Widely unknown but celebrated by NYFOS, Marc Blitzstein just might be my all-time favorite 20th century song composer. Yes—you read that correctly. I like Blitzstein more than Bernstein, the Beatles, Britten, Barber, and any other 20th century composer that starts with a Bravo or an Alpha, Charlie, or Delta for that matter. My “Songs in the Key of Steven Blier” binder is filled with Blitzstein songs—seven, in fact, as of my last count.
I love Blitzstein’s music for so many reasons but paramount among these is this human-like, real world quality that I find in almost all of his songs. Listening to his music feels like an extended respite from everyday life, an opportunity to laugh or a chance to consider a new perspective. I often turn to Blitzstein’s songs when I need a piece for a recital that feels approachable. As an example, I immediately turned to Blitzstein when asked to return to my old high school in Tennessee for a performance during assembly. Of course, I found room for some Schubert too, but I knew that while they might oooh and ahhh over the virtuosic music and totally foreign language being sung at them, there was no way I was going to get a group of two hundred, teenage guys to sit up and listen without offering them a line or two of Blitzstein.
While I consider so much of what Blitzstein composed to be so effective in its simplicity, he was quite the prodigious musician. By the time he was seven he had played almost all of the Mozart piano concertos. As a student at Curtis, he studied with Alexander Siloti (a renowned pedagogue and student of Franz Liszt) and at twenty-one, made his professional concerto debut with the Philadelphia Orchestra playing Liszt’s E flat piano concerto. From what I have read about Blitzstein’s life, those who knew him well saw someone that was consistently unsatisfied with being good at just one thing —he had to excel at everything. In fact, many of his professors at Curtis believed him to be far more naturally gifted than fellow classmates Samuel Barber and Aaron Copland. Kind of a shocking thing to take in on a first read!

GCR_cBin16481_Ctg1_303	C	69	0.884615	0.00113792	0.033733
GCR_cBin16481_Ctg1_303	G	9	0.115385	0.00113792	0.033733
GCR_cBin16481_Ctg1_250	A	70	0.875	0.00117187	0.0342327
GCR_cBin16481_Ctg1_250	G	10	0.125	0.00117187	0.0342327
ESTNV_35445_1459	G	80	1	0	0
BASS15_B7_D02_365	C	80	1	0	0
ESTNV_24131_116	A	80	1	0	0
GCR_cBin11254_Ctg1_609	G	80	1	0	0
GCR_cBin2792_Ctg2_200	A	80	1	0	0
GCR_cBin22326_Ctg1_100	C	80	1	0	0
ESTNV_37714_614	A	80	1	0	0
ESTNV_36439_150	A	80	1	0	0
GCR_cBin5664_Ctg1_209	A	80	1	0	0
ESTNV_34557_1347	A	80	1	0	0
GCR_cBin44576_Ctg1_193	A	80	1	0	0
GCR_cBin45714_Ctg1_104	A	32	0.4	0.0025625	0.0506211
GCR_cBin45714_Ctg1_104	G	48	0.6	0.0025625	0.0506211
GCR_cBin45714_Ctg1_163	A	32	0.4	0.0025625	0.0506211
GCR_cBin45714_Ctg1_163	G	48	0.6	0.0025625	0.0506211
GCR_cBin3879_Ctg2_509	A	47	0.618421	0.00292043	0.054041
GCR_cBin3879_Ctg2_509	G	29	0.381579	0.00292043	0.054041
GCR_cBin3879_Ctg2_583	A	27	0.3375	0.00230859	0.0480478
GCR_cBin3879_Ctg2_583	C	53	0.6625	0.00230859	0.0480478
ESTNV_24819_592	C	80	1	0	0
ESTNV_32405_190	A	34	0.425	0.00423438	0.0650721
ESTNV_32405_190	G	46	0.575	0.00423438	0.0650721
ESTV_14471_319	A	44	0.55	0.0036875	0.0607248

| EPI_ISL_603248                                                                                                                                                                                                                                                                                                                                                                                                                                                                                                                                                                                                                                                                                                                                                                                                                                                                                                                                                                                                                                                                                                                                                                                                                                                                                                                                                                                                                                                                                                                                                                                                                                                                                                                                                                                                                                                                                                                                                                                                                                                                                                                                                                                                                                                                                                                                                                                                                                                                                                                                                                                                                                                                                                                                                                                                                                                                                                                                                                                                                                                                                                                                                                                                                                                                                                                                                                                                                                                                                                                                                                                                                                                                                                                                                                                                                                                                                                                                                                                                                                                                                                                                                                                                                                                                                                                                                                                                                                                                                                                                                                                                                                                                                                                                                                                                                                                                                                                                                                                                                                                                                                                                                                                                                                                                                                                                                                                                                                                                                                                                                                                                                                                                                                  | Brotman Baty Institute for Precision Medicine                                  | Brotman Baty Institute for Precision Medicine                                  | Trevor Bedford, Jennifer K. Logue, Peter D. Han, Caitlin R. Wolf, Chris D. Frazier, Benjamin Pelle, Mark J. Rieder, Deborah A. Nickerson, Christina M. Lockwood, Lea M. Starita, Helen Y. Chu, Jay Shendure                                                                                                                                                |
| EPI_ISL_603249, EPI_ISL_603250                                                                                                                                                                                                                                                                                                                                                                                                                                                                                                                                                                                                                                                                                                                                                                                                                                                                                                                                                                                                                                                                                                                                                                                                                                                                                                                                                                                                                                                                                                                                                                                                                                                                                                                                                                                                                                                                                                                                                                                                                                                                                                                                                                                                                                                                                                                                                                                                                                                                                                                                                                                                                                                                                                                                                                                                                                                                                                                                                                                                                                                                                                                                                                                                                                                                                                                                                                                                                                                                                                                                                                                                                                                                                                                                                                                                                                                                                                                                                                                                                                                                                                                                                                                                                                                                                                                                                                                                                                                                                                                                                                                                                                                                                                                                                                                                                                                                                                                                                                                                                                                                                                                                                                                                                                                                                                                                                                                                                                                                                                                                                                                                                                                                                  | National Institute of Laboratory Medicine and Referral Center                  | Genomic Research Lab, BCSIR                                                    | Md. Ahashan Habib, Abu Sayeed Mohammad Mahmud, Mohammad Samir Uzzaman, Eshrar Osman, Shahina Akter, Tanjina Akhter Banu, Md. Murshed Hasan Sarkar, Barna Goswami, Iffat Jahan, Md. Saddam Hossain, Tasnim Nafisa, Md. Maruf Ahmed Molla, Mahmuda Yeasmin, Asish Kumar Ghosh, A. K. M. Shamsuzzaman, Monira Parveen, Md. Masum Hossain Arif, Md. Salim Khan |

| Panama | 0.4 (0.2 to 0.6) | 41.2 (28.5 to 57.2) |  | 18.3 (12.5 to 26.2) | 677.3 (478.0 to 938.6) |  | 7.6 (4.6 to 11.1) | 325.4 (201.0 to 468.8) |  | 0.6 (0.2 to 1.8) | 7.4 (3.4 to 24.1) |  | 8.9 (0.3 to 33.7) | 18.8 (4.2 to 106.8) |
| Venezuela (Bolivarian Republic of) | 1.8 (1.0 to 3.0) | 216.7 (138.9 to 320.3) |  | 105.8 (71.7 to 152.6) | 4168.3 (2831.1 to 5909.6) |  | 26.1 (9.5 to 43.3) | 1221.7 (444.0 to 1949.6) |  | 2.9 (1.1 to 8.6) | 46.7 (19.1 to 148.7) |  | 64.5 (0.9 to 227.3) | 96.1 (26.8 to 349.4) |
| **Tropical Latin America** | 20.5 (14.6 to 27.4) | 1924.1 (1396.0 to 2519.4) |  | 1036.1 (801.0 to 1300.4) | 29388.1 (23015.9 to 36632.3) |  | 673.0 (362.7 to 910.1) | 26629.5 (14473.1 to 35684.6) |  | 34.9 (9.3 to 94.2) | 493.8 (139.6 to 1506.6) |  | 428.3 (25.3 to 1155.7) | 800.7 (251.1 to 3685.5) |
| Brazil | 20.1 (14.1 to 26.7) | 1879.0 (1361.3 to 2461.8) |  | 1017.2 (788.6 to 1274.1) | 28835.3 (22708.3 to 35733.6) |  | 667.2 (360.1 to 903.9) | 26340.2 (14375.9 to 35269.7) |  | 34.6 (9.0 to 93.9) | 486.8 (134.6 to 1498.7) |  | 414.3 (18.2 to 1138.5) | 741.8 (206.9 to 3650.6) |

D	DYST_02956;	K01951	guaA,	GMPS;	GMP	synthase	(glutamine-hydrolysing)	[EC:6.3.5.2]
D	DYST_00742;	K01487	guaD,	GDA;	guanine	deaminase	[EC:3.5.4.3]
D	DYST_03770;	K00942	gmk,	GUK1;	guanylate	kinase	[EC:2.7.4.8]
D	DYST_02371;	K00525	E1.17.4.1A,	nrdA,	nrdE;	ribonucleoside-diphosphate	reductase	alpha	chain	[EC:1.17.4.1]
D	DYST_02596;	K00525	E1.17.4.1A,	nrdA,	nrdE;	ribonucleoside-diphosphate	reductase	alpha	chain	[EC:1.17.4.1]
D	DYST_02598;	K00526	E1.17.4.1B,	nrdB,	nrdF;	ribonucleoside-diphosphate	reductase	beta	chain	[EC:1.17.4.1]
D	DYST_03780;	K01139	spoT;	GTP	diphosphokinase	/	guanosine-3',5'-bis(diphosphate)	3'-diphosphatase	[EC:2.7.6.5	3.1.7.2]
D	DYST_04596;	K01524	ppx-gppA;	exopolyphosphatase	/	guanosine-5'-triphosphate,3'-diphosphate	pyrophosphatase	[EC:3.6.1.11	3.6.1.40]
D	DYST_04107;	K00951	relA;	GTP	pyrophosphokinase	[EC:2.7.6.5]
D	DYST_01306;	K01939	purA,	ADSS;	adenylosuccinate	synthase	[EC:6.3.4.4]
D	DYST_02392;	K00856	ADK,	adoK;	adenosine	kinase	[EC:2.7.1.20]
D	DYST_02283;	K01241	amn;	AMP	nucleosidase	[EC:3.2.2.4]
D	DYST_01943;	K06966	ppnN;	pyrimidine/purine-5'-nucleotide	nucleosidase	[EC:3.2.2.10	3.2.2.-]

Unfortunately, Blitzstein’s obsessive, perfectionistic attributes led him much further down a path of frustrations and failures more than it did a path of success. There were many times that he would write a show, only to see it get two or three performances due to his obsessive re-writing all the way through the tech process and up into opening night. And sometimes he just had terrible luck—such as the time a set piece fell and killed one of the actors at the start of one one of his newest shows. Many called him a failure, but I just see him as so utterly human—a lifelong artist that had his fair share of bad luck and detrimental habits but never stopped trying to get his music and ideas out into the world.